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Science News Technology

Scientists Have Discovered How To 'Delete' Unwanted Memories ( 158

A new documentary from PBS reveals how cutting edge science enables us to 'edit' memories and create new ones from scratch. "For much of human history, memory has been seen as a tape recorder that faithfully registers information and replays it intact," say the film's makers. "But now, researchers are discovering that memory is far more malleable, always being written and rewritten, not just by us but by others. We are discovering the precise mechanisms that can explain and even control our memories."
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Scientists Have Discovered How To 'Delete' Unwanted Memories

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  • by dwywit ( 1109409 ) on Monday February 15, 2016 @03:03AM (#51509467)

    Oh, and his niece Rachel.

  • by Anonymous Coward

    My understanding is that when a person remembers something, the record of that memory is destroyed and then rewritten in the brain. However, there is at least one drug that can prevent the creation of memories in the brain. It's always seemed logical that, under the influence of such a drug, accessing a memory should also cause that memory to effectively be erased.

    • by adolf ( 21054 )

      I keep trying that, but it only seems to work on keeping new memories from being stored, and has nothing to do with erasing old ones.

      • Re: (Score:2, Insightful)

        by Anonymous Coward

        Uh, no... did you watch the whole show? Has to do with old memories. The act of remembering a memory re-stores the memory. If you interrupt the re-storing process, the memory...dies.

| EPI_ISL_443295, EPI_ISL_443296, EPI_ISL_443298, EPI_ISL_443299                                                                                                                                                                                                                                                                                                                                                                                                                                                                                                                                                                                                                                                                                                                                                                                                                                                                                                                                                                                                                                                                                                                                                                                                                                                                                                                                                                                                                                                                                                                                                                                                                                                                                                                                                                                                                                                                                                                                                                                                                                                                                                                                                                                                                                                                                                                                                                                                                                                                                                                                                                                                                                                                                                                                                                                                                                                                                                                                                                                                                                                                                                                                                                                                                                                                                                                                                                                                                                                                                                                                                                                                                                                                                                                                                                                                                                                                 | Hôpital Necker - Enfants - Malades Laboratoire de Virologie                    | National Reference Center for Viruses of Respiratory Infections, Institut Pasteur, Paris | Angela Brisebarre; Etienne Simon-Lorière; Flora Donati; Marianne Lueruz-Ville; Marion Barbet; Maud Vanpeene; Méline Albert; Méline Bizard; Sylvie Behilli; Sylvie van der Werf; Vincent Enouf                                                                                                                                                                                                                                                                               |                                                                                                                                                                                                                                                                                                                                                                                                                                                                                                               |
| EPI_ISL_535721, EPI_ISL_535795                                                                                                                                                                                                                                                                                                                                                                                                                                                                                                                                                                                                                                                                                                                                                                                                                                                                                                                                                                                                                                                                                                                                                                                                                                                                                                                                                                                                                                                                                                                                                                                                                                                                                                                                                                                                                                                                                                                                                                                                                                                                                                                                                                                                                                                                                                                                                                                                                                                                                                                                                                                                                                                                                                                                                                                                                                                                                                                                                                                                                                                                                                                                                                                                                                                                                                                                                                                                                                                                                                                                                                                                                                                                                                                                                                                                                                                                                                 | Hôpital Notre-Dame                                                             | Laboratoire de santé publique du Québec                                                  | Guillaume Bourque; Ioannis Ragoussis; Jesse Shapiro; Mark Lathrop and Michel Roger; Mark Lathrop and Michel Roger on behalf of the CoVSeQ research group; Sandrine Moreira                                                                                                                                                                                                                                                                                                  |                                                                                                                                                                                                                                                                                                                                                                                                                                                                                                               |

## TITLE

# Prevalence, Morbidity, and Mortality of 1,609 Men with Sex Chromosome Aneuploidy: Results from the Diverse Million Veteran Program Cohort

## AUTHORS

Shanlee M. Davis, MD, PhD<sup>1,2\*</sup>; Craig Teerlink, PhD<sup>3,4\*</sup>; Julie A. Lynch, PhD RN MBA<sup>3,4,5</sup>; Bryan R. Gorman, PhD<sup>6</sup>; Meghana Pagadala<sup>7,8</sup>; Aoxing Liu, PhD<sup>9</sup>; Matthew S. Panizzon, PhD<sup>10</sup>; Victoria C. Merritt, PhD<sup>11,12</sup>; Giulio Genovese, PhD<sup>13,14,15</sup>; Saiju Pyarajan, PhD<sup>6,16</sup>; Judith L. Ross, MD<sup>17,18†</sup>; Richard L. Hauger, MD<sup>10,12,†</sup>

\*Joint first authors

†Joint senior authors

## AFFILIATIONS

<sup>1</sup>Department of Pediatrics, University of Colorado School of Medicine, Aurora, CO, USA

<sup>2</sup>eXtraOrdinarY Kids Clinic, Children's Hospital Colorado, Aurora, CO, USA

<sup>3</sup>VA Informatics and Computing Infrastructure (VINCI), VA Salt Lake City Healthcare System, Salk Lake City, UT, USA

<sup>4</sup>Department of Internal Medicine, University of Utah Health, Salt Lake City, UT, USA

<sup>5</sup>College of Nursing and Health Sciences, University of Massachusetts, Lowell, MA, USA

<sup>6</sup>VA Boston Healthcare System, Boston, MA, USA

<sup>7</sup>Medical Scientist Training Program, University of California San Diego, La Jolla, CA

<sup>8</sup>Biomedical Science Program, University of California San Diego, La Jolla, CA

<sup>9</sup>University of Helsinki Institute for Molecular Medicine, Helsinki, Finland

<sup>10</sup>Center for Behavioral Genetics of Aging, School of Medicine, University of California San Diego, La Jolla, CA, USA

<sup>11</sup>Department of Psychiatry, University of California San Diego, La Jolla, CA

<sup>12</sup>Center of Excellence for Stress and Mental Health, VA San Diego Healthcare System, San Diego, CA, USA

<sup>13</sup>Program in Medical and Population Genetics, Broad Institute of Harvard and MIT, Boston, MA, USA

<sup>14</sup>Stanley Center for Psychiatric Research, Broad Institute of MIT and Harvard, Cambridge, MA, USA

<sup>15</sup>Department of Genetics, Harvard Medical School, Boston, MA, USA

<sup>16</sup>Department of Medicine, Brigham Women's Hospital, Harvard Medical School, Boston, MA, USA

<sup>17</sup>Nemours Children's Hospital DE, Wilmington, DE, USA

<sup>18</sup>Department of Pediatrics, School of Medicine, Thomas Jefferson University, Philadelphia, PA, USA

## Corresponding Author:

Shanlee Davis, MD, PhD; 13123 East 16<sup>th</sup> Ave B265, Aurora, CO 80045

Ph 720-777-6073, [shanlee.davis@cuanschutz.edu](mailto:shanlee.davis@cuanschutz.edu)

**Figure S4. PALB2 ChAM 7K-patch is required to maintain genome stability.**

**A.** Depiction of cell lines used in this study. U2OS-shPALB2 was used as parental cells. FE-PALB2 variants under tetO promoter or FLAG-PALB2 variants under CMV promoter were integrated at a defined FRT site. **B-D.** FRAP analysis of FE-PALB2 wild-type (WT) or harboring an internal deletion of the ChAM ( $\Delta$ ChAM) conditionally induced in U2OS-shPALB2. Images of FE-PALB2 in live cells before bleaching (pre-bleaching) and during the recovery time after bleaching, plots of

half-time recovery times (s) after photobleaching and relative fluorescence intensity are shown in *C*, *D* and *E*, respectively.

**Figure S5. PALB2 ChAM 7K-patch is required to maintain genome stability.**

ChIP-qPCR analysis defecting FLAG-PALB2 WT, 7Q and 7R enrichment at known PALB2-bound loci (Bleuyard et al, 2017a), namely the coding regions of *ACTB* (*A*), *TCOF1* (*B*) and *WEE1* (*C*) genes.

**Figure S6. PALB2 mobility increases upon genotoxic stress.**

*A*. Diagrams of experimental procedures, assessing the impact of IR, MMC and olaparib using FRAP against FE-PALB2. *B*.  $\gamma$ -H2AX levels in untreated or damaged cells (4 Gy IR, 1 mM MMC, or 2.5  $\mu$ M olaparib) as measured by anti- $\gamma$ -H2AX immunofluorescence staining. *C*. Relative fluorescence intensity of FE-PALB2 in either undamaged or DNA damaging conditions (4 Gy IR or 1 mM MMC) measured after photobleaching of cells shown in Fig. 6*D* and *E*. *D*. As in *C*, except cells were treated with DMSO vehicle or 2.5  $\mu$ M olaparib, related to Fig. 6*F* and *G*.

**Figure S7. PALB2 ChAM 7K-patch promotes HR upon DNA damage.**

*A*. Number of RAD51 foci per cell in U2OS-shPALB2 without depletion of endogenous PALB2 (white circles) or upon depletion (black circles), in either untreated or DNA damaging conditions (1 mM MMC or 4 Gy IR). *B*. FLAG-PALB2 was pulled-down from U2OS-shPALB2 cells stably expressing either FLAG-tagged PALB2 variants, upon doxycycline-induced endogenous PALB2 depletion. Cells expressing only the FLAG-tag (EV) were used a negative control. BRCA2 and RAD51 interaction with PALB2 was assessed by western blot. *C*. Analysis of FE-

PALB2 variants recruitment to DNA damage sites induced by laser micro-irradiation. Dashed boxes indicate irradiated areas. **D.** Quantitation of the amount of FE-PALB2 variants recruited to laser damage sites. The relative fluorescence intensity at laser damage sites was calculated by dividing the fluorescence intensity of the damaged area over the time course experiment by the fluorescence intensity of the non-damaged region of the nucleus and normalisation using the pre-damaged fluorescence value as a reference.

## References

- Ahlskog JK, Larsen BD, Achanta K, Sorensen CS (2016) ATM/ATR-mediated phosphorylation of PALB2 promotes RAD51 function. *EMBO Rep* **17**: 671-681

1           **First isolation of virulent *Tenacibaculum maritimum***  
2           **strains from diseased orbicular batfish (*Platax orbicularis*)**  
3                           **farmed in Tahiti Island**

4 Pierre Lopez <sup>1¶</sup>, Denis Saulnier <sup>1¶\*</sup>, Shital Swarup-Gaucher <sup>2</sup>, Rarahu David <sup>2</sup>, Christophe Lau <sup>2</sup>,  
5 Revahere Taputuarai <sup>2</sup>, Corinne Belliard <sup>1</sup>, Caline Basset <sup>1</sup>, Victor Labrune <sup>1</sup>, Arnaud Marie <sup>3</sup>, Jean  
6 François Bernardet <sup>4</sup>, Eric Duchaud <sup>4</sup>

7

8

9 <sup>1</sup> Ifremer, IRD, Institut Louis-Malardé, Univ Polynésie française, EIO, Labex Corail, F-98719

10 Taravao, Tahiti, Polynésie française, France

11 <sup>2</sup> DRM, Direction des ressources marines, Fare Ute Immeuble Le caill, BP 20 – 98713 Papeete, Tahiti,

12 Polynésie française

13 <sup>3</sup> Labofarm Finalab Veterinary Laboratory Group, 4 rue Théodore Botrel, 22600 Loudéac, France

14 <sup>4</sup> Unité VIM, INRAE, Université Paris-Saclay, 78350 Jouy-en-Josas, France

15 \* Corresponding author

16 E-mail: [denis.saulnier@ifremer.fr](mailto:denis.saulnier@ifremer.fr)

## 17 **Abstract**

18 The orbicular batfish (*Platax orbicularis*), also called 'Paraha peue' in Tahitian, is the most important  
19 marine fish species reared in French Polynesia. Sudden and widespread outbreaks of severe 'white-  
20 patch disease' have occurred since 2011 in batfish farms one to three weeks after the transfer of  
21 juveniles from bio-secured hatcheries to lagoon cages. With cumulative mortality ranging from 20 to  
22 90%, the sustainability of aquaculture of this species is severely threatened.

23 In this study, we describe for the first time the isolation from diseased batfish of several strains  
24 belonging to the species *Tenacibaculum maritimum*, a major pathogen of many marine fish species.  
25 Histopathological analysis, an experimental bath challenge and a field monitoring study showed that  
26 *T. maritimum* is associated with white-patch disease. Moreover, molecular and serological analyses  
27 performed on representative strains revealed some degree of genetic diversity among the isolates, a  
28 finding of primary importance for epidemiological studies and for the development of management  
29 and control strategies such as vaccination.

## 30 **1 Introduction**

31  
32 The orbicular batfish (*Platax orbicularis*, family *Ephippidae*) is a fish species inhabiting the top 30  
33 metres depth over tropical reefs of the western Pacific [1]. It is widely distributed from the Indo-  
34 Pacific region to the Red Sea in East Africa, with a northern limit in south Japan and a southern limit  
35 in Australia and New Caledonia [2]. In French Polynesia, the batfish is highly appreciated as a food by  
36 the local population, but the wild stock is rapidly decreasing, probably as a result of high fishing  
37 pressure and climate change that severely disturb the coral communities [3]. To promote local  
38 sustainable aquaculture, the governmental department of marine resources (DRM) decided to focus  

• That cannot be true. For example my neighbour had a stroke and cannot record new memories. He can't remember what I told him half an our ago. But when he remembers something from his past, that memory is not gone for good, so it cannot be erased like you say.
    • by doccus ( 2020662 )

      I would think the memory is erased via overwriting.. therefore accessing a memory woulfdn't cause it's erqasure. Were it not so we would be vegetables from birth. Lots of common anxiolytics can prevent the formation of new memories, leading one to suspect that GABA is integral towards the formation of memory. since it is also GABA (Gamma Amino Butyric Acid) that is displaced by these drugs to (presumably) exert their calming action ...
      Of course this is what I learned 35 years ago so maybe they know a whole

  • by mentil ( 1748130 ) on Monday February 15, 2016 @03:23AM (#51509529)

    Time to invest in Ray-Ban.

    • by Barny ( 103770 )

      You mean luxottica?

      Ray Ban has been nothing but a brand name for quite a few years now. In fact, Luxottica owns damn near all sunglasses brands.

  • by sehlat ( 180760 ) on Monday February 15, 2016 @03:32AM (#51509569)

    1: Does it require the subject's cooperation to erase the memories? 2: Can they be retrieved by some means later, if necessary?

    If the answer to these questions is "No." Consider the following scenarios:

    1. An accused criminal gets the key witnesses in the case wiped before the trial.

    2. Cops "forcefully interrogate" a suspect, and when the suspect turns out to be innocent, wipe the victim's memories of their treatment.

    And those are just Abuse 101.

    • Re: (Score:2, Insightful)

      by Anonymous Coward

      As far as I can tell, the entire thing is just theory of what they want to do, not that they have the ability or understanding of how to do it.

      The article has about as much science as the Discovery channel.

      • "The article has about as much science as the Discovery channel"


        Enhance, delete, incept: Manipulating hippocampus-dependent memories : "whether science is able to one day “catch up” to science fiction remains to be seen"

        From: []

    • Re: (Score:3, Interesting)

      by Anonymous Coward

      ... 1. An accused criminal gets the key witnesses in the case wiped before the trial.

      A politician or CEO has his own memory of crooked deals, wiped.